| Martin Haworth|
Saw the pictures of the Reynold's Museum's JN4Can on your web site and thought I would drop you a line. I don't know if you have the history of this aircraft, but I can give you a quick over view if you don't.
The aircraft is actually the third JN4Can to bear the name "Edmonton". The first was purchased by subscrition by the people of Edmonton, Alberta and donated to the Royal Flying Corps, Canada for use as a trainer. This was written off in training by hamfisted students and replaced by a new aircraft, also named "Edmonton" in recognition of that city's original subscription. This aircraft followed the fate of the first and was replaced by the current aircraft. At war's end, an Edmonton real estate developer (who's name escapes me at the moment) bought the aircraft from the Canadian Government and donated it back to the City of Edmonton.
The City, at a loss as to what to do with an airplane, finally leased the aircraft to May Airplanes Limited for the sum of $25.00 per month. This company was owned by Canadian Aviation Hall of Fame inductee "Wop" May and his brother Court. (Wop May, as well as being an important figure in Canada's aviation history, has the distinction of being the man the Red Baron was trying to make his 81st victim when he was in turn shot down. The Canadians and the Austrtalins are still fighting over who actually shot down the Red Baron, so I will remain diplomatically neutral on this point.) On June 7, 1919, George Gorman, a May Airplanes employee made the first commercial flight in Western Canada delivering copies of the Edmonton Journal newspaper to the town of Wetaskiwin, Alberta by air. The aircraft also recieved the first commercail registration in Canada, C-AAI.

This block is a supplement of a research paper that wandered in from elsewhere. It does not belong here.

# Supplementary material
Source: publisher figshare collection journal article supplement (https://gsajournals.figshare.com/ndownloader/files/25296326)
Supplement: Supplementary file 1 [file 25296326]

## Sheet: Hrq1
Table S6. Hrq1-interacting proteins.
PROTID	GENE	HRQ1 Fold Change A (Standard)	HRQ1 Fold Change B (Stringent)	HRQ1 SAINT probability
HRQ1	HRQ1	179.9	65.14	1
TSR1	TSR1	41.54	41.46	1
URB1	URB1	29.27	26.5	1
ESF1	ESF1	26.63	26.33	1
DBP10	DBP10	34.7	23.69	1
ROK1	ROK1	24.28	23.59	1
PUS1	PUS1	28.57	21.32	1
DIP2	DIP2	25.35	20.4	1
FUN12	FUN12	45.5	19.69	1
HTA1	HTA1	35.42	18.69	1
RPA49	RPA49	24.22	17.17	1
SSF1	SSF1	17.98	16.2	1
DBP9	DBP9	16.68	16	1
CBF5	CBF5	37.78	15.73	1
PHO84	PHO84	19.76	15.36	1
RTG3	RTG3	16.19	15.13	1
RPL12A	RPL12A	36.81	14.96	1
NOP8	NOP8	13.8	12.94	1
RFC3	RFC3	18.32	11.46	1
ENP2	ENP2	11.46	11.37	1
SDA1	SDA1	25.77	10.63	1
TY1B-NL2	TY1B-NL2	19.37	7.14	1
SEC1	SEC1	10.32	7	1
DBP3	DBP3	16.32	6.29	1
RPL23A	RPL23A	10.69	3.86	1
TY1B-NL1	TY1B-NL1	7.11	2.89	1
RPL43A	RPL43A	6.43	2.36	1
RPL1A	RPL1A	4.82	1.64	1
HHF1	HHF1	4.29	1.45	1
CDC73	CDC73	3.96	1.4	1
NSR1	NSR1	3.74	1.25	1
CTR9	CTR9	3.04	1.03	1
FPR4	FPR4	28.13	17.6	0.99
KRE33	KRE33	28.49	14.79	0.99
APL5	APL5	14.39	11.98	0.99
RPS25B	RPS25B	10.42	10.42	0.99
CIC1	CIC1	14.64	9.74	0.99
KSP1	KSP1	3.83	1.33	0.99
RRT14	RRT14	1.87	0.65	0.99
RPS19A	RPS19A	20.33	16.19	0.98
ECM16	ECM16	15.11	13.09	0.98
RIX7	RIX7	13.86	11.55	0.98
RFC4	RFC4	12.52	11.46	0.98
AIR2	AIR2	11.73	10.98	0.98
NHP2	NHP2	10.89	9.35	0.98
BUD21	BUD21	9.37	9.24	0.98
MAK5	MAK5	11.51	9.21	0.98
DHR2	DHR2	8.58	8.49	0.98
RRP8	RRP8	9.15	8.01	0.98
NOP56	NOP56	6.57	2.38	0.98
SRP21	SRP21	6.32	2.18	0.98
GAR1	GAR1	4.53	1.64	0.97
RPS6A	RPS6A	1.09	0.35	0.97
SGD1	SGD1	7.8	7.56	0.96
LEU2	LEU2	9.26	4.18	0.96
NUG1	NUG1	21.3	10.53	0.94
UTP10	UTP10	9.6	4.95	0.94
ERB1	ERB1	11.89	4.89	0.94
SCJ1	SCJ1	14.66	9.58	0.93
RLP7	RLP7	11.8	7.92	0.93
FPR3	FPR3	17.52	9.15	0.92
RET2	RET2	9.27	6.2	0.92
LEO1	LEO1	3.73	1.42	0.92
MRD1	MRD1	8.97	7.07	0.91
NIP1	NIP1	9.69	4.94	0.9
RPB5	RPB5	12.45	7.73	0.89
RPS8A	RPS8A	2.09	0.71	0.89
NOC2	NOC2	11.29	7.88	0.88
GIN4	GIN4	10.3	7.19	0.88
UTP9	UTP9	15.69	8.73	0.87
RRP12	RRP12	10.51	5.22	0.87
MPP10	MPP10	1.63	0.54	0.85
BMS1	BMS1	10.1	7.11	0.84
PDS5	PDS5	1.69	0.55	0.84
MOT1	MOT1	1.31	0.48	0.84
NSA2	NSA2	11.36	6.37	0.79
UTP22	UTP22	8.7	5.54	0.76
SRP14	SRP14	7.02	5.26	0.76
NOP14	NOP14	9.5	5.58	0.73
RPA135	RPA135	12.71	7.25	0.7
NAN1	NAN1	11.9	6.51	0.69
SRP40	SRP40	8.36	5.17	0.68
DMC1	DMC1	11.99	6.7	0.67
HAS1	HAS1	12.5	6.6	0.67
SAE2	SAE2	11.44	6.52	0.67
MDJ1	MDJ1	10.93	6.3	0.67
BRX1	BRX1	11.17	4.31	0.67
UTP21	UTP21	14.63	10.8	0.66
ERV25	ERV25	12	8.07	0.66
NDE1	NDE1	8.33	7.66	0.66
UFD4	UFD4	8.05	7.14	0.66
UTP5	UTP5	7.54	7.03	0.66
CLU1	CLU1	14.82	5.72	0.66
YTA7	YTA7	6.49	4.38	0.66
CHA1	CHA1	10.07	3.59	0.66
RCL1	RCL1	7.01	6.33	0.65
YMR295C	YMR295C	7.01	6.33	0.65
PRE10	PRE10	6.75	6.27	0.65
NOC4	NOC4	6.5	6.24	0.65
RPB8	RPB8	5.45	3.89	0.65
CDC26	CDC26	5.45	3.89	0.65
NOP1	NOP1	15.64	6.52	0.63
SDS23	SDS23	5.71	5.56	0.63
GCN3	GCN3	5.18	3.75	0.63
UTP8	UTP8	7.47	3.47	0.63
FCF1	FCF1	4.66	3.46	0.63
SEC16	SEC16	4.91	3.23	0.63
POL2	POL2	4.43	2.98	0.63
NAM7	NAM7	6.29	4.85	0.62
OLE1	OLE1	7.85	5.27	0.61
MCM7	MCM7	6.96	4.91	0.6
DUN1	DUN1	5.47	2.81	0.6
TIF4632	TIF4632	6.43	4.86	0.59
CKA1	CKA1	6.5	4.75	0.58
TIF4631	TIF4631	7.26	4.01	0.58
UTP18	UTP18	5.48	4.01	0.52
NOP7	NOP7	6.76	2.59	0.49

May Airplanes operated the JN4 until 1924 when it was returned to the City of Edmonton. (This is what the offical histories say, but infact the aircraft had seen hard service and was baddly in need of a complete overhaul which the Mays were unable to afford and which the City of Edmonton was unwillng to subsidise. May Airplanes was also very shakey financially and the city in effect reposesed the JN4.) The aircraft remained in storage until 1926 when it was purchased by Peter Lenbekmo. A half share in the airplane was traded to Ted Reynolds of Wetaskiwin in exhcange for an overhauled OX5 engine. Lenbekmo's wife, however, took a very dim view of aviation and Peter was forced to trade his share of the aircraft to Reynolds for a Star motor car in 1928. Ted Reynolds completed the overahul of the Canuck and flew it regularly until 1931 when it was again placed in storage. the aircraft has remained in the Reynolds family ever since.
In 1980 the JN4Can was given a complete ground up restoration, with a view to repair and preservation rather than replacement, and returned to airworthy condition. It is approximately 80% original as it sits today and one of the most historially important aircraft in any Canadian aviation museum.
02/14/2001 @ 15:56 [ref: 1614]